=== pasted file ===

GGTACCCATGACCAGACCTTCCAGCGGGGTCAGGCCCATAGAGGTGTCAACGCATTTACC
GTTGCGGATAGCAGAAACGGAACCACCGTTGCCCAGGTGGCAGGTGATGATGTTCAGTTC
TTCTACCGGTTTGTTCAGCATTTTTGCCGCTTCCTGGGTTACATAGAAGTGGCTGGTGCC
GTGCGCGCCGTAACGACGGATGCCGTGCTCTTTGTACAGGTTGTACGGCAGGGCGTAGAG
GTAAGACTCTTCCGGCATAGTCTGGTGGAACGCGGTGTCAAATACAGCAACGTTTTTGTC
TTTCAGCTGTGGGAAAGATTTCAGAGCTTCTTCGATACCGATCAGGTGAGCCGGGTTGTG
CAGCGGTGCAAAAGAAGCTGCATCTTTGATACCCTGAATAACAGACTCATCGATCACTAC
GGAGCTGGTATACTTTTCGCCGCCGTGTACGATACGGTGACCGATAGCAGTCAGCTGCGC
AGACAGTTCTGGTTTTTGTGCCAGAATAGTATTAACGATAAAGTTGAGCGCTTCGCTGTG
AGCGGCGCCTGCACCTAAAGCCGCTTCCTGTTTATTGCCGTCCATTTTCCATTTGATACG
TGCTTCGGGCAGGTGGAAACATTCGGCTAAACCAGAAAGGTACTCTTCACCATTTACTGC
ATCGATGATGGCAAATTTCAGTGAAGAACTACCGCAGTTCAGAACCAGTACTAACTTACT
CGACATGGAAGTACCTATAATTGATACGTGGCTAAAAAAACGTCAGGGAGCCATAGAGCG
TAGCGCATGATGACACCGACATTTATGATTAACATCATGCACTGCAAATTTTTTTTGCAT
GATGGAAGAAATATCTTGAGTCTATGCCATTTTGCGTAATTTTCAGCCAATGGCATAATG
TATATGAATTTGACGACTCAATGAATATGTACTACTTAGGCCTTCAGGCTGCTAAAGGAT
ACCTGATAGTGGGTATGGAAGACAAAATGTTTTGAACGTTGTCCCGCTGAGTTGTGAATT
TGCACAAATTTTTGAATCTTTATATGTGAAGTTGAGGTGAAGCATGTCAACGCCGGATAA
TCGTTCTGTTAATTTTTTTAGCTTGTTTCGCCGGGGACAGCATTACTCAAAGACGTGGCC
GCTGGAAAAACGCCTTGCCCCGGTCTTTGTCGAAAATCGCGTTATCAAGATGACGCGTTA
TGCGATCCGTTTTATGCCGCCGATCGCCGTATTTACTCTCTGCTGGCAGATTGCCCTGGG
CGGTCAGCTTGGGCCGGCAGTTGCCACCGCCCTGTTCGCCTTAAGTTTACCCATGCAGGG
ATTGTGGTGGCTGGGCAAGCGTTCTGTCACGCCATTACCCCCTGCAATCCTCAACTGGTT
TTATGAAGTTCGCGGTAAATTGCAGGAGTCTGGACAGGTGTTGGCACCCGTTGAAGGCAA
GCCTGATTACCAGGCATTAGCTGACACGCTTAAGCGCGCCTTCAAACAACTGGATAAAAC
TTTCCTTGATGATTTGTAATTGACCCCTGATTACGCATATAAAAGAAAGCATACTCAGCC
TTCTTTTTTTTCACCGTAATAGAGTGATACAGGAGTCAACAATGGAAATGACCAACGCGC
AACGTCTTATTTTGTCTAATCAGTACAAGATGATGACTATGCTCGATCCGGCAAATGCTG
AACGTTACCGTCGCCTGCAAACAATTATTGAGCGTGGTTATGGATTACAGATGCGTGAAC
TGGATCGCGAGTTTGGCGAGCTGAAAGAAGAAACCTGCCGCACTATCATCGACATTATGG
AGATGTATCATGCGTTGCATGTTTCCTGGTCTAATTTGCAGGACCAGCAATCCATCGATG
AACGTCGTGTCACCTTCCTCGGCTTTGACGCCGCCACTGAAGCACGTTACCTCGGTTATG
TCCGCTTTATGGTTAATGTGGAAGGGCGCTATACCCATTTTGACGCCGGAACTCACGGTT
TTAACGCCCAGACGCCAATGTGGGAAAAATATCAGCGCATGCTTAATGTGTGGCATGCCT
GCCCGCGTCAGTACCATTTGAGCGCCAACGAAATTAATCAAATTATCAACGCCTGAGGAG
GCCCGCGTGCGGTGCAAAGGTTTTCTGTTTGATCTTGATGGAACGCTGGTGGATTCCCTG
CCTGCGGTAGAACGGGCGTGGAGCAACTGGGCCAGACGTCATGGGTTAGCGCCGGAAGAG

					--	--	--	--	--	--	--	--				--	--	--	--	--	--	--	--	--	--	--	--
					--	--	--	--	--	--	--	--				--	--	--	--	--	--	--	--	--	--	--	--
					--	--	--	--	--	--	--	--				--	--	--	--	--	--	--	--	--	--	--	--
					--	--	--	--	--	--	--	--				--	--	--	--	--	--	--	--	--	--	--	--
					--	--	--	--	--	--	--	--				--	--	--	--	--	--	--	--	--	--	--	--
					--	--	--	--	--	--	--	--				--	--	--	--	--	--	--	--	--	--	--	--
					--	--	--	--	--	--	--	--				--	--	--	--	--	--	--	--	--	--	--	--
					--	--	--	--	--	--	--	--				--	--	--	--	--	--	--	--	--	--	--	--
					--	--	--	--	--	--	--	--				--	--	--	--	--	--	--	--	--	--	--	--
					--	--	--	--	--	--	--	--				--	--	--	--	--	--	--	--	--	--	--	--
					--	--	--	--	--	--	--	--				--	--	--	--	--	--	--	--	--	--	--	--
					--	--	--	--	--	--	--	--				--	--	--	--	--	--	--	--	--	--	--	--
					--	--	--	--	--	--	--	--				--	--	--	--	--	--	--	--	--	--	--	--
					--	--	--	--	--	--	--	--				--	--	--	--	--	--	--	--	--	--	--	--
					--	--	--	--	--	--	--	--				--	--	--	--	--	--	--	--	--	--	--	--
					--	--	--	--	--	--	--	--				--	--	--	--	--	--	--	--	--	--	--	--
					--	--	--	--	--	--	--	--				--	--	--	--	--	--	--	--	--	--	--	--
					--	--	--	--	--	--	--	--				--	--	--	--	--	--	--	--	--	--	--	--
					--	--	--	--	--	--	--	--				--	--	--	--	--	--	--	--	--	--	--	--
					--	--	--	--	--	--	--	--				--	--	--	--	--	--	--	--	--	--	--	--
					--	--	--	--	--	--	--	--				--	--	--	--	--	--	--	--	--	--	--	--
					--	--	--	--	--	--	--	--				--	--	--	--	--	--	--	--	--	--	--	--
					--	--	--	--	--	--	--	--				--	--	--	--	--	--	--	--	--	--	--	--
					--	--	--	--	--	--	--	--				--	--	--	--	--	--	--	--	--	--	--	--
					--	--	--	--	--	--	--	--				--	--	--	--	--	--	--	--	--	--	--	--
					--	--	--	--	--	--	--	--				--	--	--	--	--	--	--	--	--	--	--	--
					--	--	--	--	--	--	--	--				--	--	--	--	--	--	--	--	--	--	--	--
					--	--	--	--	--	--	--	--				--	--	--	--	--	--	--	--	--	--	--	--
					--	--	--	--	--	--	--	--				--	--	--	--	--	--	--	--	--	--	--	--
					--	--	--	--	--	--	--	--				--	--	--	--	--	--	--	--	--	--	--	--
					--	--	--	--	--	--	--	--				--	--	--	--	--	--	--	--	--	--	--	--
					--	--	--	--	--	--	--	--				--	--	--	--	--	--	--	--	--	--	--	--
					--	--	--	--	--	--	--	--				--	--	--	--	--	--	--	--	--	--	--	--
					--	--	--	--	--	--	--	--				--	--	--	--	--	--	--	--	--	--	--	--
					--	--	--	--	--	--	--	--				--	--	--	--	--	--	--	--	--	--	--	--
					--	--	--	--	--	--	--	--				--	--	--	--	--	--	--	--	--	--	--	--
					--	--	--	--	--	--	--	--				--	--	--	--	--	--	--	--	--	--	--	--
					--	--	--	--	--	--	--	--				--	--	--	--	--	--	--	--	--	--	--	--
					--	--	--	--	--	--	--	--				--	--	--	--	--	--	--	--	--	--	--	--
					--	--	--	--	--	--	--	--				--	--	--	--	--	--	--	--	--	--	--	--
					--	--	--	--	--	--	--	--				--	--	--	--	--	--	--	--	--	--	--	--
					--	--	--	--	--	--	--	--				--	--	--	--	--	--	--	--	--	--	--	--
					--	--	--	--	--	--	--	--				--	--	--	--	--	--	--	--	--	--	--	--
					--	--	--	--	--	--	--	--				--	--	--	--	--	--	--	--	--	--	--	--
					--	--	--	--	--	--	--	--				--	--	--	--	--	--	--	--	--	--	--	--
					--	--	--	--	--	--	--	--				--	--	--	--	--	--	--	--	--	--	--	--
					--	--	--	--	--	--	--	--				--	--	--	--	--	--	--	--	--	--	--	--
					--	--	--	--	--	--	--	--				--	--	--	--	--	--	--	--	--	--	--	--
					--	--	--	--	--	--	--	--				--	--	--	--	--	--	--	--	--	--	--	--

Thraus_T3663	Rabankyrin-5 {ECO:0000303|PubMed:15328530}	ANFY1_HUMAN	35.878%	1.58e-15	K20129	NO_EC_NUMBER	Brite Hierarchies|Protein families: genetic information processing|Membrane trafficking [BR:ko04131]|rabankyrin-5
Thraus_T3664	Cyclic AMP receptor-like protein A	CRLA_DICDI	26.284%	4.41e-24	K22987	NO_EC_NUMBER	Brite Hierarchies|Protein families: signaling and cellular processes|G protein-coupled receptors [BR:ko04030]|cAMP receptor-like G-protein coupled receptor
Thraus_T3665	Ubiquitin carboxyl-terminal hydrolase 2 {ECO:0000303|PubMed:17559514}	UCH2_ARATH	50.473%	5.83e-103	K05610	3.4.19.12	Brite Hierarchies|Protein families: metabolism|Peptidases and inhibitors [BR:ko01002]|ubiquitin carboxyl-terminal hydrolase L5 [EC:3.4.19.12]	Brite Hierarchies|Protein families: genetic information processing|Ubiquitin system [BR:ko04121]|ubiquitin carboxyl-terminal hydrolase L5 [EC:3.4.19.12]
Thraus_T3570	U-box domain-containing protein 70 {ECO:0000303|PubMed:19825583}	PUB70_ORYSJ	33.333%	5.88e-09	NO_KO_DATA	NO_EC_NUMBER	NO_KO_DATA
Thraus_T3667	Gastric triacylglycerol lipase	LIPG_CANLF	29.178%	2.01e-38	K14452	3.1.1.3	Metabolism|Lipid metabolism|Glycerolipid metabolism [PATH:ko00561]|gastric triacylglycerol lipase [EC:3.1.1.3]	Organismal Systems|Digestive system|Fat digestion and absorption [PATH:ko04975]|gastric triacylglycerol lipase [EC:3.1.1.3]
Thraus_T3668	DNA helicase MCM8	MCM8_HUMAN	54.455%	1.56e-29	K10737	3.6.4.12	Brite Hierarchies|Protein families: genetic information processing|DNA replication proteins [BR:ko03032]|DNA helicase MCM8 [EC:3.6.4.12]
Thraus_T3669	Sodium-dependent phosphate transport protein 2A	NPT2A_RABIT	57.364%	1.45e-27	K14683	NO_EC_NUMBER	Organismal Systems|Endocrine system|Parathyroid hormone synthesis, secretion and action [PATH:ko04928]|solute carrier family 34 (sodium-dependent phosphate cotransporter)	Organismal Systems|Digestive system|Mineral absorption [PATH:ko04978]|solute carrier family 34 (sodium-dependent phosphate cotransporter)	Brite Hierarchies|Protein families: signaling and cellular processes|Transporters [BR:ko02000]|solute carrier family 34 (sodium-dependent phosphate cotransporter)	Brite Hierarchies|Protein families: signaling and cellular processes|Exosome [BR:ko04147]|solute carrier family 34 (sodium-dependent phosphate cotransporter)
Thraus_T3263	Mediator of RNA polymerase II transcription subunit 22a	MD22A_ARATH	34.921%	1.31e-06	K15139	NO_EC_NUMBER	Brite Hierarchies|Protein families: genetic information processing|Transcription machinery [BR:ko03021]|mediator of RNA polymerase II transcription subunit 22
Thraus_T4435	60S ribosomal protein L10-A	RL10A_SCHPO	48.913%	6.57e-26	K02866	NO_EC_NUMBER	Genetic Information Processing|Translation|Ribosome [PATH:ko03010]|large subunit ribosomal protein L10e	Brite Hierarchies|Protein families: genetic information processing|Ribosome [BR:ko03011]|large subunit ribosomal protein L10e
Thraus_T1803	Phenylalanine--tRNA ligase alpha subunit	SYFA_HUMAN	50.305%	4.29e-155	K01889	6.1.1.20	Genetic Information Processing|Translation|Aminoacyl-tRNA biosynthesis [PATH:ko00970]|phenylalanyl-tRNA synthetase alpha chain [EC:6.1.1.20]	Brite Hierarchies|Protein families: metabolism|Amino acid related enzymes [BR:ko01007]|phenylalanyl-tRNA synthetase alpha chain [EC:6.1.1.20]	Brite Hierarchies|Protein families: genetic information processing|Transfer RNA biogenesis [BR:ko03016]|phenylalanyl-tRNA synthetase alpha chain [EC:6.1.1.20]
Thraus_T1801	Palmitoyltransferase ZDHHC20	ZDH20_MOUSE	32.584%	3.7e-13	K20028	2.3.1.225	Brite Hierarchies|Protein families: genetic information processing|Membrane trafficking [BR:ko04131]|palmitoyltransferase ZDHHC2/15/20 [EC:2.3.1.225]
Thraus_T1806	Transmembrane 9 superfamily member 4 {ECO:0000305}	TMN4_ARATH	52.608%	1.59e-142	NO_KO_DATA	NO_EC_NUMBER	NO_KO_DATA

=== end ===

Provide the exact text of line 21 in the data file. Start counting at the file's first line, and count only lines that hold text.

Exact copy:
TGCGATCCGTTTTATGCCGCCGATCGCCGTATTTACTCTCTGCTGGCAGATTGCCCTGGG